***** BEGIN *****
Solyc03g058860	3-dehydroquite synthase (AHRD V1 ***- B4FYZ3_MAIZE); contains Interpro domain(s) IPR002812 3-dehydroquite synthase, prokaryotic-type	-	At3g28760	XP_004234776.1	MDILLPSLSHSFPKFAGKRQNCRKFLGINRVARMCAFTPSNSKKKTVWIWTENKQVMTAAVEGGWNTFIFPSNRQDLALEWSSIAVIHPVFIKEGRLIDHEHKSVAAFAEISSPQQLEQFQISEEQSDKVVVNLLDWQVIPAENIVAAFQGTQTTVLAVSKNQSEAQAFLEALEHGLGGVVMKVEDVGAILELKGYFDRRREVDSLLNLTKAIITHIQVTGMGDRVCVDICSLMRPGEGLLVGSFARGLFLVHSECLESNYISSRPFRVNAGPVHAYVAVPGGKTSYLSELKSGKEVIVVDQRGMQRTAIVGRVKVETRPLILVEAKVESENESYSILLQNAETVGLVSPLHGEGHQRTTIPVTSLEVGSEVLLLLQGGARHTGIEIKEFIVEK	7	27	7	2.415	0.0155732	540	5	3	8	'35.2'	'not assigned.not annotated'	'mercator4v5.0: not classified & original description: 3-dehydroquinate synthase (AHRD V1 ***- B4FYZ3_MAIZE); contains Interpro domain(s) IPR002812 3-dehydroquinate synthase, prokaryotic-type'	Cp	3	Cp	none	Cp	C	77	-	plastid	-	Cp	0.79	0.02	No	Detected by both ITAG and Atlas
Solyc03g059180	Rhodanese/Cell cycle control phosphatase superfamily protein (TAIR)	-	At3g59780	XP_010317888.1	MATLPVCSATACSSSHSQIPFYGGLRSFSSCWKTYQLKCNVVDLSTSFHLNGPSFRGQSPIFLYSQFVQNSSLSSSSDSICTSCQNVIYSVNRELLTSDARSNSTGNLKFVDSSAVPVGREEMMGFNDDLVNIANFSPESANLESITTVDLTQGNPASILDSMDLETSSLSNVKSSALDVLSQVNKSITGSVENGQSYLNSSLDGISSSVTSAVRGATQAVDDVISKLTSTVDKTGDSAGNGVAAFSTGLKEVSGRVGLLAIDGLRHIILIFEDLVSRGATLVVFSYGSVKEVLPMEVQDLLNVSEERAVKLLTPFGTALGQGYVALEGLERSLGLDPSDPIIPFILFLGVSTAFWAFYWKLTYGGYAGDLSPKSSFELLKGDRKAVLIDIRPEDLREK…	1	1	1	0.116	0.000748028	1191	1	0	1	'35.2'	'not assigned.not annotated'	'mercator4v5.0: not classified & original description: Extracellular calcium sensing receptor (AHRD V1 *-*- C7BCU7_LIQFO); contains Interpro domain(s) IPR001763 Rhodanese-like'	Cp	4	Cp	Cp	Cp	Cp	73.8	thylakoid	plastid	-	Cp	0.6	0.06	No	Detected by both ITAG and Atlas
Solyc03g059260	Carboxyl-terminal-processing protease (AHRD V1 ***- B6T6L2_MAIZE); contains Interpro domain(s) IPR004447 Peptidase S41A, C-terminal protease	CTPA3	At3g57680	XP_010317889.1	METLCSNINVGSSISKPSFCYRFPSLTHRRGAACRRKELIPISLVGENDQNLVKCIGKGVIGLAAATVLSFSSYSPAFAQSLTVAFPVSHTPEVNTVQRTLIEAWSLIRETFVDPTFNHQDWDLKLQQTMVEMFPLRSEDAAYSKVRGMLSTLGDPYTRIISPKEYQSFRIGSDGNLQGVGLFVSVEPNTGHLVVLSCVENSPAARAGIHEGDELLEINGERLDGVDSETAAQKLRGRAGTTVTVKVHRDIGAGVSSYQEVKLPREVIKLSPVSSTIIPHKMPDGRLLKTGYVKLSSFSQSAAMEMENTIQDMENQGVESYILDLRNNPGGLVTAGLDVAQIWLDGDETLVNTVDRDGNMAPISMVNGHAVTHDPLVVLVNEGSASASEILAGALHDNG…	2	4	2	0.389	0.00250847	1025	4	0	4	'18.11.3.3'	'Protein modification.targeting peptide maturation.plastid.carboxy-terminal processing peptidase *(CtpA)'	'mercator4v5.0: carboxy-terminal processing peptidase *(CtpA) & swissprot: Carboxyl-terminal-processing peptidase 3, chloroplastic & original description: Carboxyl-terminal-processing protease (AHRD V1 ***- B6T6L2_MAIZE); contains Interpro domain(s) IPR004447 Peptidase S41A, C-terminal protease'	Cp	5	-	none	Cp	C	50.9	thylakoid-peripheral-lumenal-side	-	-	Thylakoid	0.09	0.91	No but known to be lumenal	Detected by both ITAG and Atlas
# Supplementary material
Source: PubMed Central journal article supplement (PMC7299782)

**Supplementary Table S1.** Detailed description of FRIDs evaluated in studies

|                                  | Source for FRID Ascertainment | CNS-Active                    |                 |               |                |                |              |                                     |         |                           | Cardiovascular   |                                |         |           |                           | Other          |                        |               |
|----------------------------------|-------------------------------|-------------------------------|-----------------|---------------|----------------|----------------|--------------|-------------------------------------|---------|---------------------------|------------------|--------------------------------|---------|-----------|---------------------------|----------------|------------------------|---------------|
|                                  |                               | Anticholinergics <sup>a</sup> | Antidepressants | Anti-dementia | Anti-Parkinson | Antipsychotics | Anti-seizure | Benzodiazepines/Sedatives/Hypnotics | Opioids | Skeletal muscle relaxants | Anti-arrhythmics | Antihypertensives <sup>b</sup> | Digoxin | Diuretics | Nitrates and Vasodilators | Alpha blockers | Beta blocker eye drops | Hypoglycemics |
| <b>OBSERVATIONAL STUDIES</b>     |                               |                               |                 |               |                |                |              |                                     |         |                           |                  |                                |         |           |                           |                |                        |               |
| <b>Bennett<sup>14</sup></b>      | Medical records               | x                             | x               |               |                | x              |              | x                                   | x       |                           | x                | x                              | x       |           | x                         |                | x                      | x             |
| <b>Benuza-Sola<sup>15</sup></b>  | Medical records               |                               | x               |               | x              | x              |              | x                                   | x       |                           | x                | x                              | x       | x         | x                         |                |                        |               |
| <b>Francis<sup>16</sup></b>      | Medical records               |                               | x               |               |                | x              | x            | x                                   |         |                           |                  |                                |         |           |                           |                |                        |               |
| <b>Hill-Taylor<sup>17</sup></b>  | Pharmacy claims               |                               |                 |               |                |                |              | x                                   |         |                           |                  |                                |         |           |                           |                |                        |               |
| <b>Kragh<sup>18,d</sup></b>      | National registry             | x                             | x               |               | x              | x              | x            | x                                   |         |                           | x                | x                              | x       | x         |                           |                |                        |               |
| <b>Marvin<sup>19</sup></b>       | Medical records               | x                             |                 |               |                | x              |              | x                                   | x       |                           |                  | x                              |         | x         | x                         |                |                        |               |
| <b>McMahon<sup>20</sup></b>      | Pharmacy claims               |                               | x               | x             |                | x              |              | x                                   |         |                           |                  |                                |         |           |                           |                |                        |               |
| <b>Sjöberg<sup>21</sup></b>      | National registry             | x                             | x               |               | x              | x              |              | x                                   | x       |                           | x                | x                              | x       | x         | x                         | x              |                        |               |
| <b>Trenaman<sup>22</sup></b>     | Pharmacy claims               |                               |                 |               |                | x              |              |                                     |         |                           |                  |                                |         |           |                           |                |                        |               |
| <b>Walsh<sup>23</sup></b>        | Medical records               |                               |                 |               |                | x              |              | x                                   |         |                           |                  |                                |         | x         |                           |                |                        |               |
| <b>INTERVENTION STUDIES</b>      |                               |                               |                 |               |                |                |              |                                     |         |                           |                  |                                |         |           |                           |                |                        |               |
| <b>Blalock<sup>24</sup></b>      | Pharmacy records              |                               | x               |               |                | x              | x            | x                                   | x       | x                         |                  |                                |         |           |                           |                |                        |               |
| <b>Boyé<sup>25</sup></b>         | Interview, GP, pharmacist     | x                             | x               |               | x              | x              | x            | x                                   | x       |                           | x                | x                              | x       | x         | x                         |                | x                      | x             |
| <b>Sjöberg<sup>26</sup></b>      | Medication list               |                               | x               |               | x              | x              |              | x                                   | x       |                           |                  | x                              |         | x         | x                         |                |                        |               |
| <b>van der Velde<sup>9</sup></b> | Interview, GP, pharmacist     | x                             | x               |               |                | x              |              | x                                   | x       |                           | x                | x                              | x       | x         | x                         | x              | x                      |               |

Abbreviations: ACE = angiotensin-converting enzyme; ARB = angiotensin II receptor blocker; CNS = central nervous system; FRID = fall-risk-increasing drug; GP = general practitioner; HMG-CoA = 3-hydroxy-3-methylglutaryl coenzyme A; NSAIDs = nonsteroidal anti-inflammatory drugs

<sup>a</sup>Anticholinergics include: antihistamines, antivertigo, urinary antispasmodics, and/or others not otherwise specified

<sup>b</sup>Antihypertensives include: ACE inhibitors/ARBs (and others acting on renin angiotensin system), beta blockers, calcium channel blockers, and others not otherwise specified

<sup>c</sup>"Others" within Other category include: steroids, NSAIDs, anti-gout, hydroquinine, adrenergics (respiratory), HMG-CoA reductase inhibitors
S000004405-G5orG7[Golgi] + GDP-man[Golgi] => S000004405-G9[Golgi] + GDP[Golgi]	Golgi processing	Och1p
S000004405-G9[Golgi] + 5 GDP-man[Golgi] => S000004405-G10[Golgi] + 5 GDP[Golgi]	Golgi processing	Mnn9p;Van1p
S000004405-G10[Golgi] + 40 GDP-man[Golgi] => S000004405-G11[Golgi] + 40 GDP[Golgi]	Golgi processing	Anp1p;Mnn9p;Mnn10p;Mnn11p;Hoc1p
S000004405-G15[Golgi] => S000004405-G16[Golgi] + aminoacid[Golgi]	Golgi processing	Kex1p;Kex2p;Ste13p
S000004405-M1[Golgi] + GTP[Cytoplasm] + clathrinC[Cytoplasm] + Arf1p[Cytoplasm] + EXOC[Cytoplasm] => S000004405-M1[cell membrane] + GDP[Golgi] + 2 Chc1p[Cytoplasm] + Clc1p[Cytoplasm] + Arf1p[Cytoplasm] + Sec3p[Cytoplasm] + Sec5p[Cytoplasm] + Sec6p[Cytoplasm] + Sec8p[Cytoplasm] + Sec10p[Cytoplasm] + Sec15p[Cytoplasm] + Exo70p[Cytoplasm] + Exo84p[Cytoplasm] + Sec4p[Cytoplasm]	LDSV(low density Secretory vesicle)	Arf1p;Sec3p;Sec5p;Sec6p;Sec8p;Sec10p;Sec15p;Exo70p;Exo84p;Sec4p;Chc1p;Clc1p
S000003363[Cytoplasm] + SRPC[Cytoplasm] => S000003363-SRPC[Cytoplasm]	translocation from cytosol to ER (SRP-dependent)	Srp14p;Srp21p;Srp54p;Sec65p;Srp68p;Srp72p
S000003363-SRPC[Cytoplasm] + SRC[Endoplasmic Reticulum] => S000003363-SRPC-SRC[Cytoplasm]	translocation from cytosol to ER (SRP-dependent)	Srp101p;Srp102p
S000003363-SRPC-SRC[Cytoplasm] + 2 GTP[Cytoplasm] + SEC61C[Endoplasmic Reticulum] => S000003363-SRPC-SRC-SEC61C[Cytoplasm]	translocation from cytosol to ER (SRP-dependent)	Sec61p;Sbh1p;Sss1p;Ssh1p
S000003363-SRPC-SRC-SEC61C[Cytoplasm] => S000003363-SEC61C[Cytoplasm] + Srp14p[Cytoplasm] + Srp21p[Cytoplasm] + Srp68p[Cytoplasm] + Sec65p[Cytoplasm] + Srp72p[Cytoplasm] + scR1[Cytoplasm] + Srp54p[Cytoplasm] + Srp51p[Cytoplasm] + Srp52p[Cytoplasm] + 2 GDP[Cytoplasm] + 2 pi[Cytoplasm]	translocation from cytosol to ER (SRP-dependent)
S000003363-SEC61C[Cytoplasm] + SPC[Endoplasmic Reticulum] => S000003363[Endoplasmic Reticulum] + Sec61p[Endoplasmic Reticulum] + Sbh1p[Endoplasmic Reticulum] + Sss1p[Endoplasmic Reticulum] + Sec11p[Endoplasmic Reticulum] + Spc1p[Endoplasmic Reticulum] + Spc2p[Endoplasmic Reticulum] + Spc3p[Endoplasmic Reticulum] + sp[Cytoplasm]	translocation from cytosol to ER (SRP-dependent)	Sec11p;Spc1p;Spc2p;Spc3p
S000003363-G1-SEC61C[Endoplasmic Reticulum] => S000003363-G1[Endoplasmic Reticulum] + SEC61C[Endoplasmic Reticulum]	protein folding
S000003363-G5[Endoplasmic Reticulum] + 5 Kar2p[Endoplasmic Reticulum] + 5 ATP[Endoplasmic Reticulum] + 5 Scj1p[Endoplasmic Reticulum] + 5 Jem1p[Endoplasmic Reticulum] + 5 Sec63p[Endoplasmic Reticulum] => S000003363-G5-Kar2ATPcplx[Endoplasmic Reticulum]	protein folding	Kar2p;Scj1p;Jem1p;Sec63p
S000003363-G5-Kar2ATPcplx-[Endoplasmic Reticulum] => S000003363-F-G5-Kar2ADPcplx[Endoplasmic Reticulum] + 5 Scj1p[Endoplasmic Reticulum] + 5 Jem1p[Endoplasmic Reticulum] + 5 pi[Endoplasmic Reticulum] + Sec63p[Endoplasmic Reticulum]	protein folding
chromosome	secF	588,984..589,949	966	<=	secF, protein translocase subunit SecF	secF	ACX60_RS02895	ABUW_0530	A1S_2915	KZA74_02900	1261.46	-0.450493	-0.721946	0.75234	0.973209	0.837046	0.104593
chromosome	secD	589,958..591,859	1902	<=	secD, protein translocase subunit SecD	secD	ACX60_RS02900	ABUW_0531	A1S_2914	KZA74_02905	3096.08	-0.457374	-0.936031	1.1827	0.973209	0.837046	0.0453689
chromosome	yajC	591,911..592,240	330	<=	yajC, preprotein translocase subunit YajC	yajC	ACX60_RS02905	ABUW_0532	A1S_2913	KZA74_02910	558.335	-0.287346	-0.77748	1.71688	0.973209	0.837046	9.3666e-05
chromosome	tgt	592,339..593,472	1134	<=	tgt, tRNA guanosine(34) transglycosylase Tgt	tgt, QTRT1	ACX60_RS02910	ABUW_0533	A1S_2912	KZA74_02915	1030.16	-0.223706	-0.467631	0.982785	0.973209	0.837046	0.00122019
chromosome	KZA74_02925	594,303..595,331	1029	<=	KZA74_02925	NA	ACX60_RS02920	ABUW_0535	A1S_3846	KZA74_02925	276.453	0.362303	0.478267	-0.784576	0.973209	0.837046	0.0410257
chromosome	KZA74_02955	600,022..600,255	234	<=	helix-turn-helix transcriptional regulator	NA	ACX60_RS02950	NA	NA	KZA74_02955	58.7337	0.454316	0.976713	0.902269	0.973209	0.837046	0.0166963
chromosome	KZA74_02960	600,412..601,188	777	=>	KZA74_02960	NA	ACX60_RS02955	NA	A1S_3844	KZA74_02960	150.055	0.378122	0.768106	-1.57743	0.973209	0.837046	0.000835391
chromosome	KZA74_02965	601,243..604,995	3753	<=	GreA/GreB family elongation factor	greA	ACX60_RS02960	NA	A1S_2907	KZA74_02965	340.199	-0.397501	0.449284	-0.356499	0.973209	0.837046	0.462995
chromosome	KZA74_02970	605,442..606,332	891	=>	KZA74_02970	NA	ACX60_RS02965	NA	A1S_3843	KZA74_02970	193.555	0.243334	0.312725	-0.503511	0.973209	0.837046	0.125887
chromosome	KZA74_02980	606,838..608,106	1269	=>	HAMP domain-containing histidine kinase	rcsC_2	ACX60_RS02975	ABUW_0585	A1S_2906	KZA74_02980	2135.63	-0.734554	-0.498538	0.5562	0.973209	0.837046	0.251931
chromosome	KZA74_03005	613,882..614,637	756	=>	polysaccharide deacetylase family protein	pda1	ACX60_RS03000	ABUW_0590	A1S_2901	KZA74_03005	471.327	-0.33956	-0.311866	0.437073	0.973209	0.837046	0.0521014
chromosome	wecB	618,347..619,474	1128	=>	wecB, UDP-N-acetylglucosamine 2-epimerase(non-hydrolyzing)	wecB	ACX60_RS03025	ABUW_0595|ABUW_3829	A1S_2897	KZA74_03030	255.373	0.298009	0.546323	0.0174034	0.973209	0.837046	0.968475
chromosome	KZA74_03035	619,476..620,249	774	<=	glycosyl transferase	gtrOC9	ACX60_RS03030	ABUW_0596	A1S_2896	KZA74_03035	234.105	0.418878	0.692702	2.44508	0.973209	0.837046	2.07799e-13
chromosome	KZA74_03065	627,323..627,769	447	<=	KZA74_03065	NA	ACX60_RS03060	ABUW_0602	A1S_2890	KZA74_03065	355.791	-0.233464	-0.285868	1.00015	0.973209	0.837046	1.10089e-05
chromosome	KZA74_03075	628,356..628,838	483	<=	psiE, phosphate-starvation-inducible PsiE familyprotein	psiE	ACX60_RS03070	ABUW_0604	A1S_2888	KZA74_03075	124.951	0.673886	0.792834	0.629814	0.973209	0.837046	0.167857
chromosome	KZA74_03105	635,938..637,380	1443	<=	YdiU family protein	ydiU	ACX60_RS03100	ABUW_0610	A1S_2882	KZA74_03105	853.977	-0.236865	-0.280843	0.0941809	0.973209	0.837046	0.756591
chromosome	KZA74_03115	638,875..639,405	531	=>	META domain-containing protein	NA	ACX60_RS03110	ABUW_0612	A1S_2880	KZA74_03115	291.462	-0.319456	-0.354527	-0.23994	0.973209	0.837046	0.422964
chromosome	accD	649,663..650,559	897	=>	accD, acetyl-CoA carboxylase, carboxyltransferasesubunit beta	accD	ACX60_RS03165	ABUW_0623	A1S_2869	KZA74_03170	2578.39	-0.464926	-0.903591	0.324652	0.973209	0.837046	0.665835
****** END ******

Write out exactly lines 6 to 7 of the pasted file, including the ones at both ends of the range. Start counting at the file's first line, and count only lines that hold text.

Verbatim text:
**Supplementary Table S1.** Detailed description of FRIDs evaluated in studies

|                                  | Source for FRID Ascertainment | CNS-Active                    |                 |               |                |                |              |                                     |         |                           | Cardiovascular   |                                |         |           |                           | Other          |                        |               |